Workin' On The Chain Gang Paul Cauthen grew up in the ultra-conservative Church of Christ. He felt very out of place when his life took a turn for the worst and he found himself incarcerated in Texas, working on a chain gang.

Workin' On The Chain Gang

Workin' On The Chain Gang

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Paul Cauthen grew up in the ultra-conservative Church of Christ. He felt very out of place when his life took a turn for the worst and he found himself incarcerated in Texas, working on a chain gang.


Welcome back to SNAP JUDGMENT, the "Rage Against The Machine" episode. And today man - SNAP's decided not to be another cog in the wheel, man. You know what I'm saying? We're going to grow out long, man. We're going to ride the open road. Don't try to keep us in your corporate button-up, 401(k), premium gasoline world - no. See, one of the best ways that we know to stick it to the man, or to a higher power, or to your upstairs neighbor is to just sing your heart out. And that's exactly what Paul Cauthen does. Take it away, Paul.


PAUL CAUTHEN: When I was young, my granddad was a song leader in the church. And his twin brother was the preacher. And this was a little, small Church of Christ in East Texas. He taught me how to sing harmony when I was about six. Me and my two sisters were put in a bath tub. He would hum a note into your ear and he taught us how to really listen. I became a good singer at a young age, you know, I sang in the church a lot - super conservative Church of Christ. Sunday morning, Sunday night Wednesday night, three times a week thing. The rules of the Church of Christ - you don't sing with an instrument. Our voice is a voice that was given to us by God and God only is kind of the thing. I loved to go in the community and sing with 400 people all a cappella in a room, that's freaking awesome.


CAUTHEN: There was this old lady who sang and she had a booming, like, opera soprano voice. And like my granddad - he would give her a little nod from the stage and she'd just be killing it.


CAUTHEN: My granddad was, you know, when he was diagnosed with cancer when I was 10 years old and he didn't have long to live and he died about two months later so it was real fast, it was terrible, you know? And I had to grow up really fast because right after that, I mean, my parents got a divorce and it was me and my two sisters and my mother. And we were real broke. I would say that I was - I chose more of a rough past due to having to grow up so soon at a young age. Once I learned how to really drink beer and whiskey, I really did it with a meaning, so - and smoking pot and everything else - everything under the sun. Well, what happened was I got caught with weed, got put on probation, partied, got caught with some drug charges. They gave me the sentence that I'm going to have to do six months. My mom was freaking the hell out right before I went in there, you know? I mean, she was like saying don't be scared. And she's crying and I was like how am I supposed to not be scared when you're crying? Then they handcuffed me and put me in jail.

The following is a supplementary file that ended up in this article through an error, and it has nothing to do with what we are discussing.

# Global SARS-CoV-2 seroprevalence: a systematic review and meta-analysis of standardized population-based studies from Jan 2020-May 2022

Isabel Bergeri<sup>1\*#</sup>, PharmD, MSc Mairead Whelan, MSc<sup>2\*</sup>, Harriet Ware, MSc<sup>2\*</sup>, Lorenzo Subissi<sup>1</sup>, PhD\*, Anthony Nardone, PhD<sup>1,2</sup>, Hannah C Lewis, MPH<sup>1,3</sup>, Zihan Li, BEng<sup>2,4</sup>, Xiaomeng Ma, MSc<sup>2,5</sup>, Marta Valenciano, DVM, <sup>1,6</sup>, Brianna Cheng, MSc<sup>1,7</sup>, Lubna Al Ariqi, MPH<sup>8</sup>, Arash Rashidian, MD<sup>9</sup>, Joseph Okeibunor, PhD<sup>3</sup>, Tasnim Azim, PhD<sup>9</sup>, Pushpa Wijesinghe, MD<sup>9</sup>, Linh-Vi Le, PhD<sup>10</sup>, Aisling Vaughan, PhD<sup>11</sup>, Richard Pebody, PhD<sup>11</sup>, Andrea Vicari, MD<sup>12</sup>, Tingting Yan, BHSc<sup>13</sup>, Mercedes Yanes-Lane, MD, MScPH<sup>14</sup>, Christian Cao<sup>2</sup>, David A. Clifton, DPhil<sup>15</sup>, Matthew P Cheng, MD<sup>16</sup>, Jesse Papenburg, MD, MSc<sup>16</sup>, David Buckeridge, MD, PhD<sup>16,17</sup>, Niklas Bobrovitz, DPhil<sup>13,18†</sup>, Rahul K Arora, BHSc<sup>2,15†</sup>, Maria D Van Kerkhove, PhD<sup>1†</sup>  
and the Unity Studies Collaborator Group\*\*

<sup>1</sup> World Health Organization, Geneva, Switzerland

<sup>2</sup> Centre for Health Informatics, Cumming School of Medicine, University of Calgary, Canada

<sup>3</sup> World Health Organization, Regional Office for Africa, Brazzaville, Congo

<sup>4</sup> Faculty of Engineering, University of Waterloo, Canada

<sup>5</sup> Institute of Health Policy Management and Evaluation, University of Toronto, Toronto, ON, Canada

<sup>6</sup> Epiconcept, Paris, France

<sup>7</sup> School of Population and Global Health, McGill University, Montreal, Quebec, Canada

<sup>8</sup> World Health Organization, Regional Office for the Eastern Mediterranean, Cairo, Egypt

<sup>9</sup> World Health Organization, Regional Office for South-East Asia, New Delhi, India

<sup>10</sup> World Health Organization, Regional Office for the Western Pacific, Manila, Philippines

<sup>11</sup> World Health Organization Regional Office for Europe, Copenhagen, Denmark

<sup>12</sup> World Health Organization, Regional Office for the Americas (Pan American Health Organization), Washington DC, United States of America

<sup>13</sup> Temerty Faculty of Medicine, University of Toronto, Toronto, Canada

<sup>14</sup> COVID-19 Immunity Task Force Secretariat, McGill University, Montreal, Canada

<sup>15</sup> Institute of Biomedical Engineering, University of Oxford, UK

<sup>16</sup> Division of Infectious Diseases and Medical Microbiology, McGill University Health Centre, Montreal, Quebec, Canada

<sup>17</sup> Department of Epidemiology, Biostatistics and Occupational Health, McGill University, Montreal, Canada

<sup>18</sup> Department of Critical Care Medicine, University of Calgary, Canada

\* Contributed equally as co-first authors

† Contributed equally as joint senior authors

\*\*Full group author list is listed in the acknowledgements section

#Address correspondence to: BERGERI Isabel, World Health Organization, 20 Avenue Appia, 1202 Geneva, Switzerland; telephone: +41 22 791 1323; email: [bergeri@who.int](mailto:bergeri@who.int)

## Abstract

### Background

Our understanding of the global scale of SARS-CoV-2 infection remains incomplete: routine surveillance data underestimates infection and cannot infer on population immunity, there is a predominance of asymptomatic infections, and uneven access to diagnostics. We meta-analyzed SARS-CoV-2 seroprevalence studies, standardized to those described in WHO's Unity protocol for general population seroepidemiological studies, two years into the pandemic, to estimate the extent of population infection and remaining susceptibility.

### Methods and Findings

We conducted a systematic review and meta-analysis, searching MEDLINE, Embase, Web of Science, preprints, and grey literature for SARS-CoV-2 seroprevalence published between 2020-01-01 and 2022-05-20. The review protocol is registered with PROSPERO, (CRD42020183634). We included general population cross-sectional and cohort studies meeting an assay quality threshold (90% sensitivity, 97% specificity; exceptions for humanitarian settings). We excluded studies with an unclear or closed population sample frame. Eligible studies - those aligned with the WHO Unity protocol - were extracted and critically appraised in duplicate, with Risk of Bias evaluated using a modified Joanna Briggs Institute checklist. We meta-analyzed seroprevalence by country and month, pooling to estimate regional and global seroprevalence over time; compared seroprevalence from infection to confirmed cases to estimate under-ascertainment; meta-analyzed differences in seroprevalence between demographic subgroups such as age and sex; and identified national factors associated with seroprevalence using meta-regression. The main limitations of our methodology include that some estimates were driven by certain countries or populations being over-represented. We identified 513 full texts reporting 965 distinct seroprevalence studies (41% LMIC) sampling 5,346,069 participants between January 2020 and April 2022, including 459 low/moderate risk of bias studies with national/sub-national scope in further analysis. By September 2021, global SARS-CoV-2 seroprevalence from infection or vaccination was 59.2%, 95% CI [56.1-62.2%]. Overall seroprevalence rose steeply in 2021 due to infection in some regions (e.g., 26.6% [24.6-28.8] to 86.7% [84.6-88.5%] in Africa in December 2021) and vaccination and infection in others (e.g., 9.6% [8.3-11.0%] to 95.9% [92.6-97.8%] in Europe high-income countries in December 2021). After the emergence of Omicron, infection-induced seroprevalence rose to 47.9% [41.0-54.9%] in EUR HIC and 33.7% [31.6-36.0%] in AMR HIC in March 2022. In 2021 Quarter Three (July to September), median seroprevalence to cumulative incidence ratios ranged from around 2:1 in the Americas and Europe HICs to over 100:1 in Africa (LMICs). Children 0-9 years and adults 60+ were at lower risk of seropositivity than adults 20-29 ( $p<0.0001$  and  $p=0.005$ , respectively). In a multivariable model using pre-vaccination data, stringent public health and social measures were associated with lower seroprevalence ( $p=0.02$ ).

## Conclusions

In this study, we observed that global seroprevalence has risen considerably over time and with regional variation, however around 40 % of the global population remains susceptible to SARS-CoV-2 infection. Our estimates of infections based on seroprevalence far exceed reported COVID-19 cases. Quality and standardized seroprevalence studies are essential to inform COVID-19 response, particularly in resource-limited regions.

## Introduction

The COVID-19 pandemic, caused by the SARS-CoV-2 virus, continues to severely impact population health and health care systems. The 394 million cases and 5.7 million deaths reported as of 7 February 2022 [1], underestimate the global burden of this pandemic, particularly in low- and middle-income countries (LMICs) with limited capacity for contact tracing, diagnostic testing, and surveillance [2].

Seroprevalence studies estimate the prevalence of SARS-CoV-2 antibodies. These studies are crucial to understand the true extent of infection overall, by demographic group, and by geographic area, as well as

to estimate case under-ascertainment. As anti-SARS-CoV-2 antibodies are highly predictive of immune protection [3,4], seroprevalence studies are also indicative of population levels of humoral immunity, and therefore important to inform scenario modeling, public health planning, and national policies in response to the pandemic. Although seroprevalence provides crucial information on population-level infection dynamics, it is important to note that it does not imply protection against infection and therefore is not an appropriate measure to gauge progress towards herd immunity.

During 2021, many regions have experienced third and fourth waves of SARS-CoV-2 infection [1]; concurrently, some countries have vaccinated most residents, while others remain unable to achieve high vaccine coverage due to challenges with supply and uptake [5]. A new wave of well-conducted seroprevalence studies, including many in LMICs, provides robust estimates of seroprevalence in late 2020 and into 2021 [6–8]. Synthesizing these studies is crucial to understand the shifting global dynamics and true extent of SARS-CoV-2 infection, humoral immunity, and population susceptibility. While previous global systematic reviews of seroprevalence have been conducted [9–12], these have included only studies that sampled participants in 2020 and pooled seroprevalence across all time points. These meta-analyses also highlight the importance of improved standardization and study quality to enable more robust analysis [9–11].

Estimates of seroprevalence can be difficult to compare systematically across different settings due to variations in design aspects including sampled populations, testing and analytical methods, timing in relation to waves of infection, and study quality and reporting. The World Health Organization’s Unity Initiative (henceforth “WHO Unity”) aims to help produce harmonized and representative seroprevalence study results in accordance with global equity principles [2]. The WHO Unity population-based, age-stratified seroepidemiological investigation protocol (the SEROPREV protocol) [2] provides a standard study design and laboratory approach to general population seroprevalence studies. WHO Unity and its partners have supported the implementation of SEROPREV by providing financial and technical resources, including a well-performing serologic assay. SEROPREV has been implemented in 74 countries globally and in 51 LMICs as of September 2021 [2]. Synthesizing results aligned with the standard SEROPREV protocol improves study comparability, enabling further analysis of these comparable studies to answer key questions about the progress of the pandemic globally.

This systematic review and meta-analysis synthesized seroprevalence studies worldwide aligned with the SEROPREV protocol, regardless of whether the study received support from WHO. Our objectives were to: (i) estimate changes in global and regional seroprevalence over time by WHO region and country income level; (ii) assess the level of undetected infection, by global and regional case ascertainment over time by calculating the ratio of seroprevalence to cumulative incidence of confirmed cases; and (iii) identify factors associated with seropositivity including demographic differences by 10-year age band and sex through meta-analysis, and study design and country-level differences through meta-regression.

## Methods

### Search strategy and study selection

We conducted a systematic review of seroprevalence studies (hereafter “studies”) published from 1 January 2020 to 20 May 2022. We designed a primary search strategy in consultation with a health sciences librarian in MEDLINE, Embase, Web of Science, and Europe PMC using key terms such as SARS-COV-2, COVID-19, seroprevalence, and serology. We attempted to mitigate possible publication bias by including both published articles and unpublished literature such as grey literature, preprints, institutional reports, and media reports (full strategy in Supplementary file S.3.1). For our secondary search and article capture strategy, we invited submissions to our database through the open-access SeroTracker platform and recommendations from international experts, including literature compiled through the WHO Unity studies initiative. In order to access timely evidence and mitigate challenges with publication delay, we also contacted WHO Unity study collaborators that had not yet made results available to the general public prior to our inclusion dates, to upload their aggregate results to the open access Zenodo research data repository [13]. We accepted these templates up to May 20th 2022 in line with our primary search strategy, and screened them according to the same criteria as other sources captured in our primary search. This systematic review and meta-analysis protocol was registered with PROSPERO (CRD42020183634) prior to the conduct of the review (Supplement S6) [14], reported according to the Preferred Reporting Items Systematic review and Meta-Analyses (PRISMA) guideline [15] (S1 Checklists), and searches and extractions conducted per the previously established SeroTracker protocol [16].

Buttoned up and taken to the pumpkin patch out on Highway 69 - wearing my orange jumpsuit onesie, you know.


UNIDENTIFIED MAN #1: You have 35 (unintelligible) now.

CAUTHEN: There's three tanks. Three tanks could hold probably about 15 to 25 people in each tank. First tank I look in is all white people, second tank, all Mexican and Asian, third tank, all black people. And so I was like, wow, what in the hell have I stepped into? Now I'm seeing real-life segregation and all this stuff going on, you know. So there's only room in the African-American tank. I mean, they're bringing me in real late. These guys all wake up at 4:30 in the morning to go out to work. So the most annoying thing is when somebody's coming into their bunk and having - just waking everybody up, you know? I go to the very back corner. And they said, OK, take that and the officer shines the light into that top bunk in that corner. And I walk over there. And I'm a big guy so it's tough for me to just hop on a top bunk. So I use the foot of the bottom bunk, which was this guy Tony, this guy with a gold grill. And that guy said, hey, boy. That'll be the last time you step on my bed. And I was like, all right, I'm sorry, sir.

And I get no sleep that night.

I was just kind of paranoid more than anything. You could possibly be killed, or shanked, or hurt, or beat up, or raped or whatever goes to anybody's head in jail. You know, yeah, those things can eat you up or you can be like, you've got to be cool. You've got to not pissed off anybody, can't get too close to anybody. I mean, if all else failed, you know, I was going to keep to myself.


CAUTHEN: I started going out to the county road and bridge department that next morning. It's chain gang work, where you're hooked up. And you go out in vans and go fix the county roads and bridges around East Texas. When you're moved from the jail, in transport, you're chained to the next person next to you. And then when you go out, there's guys with guns.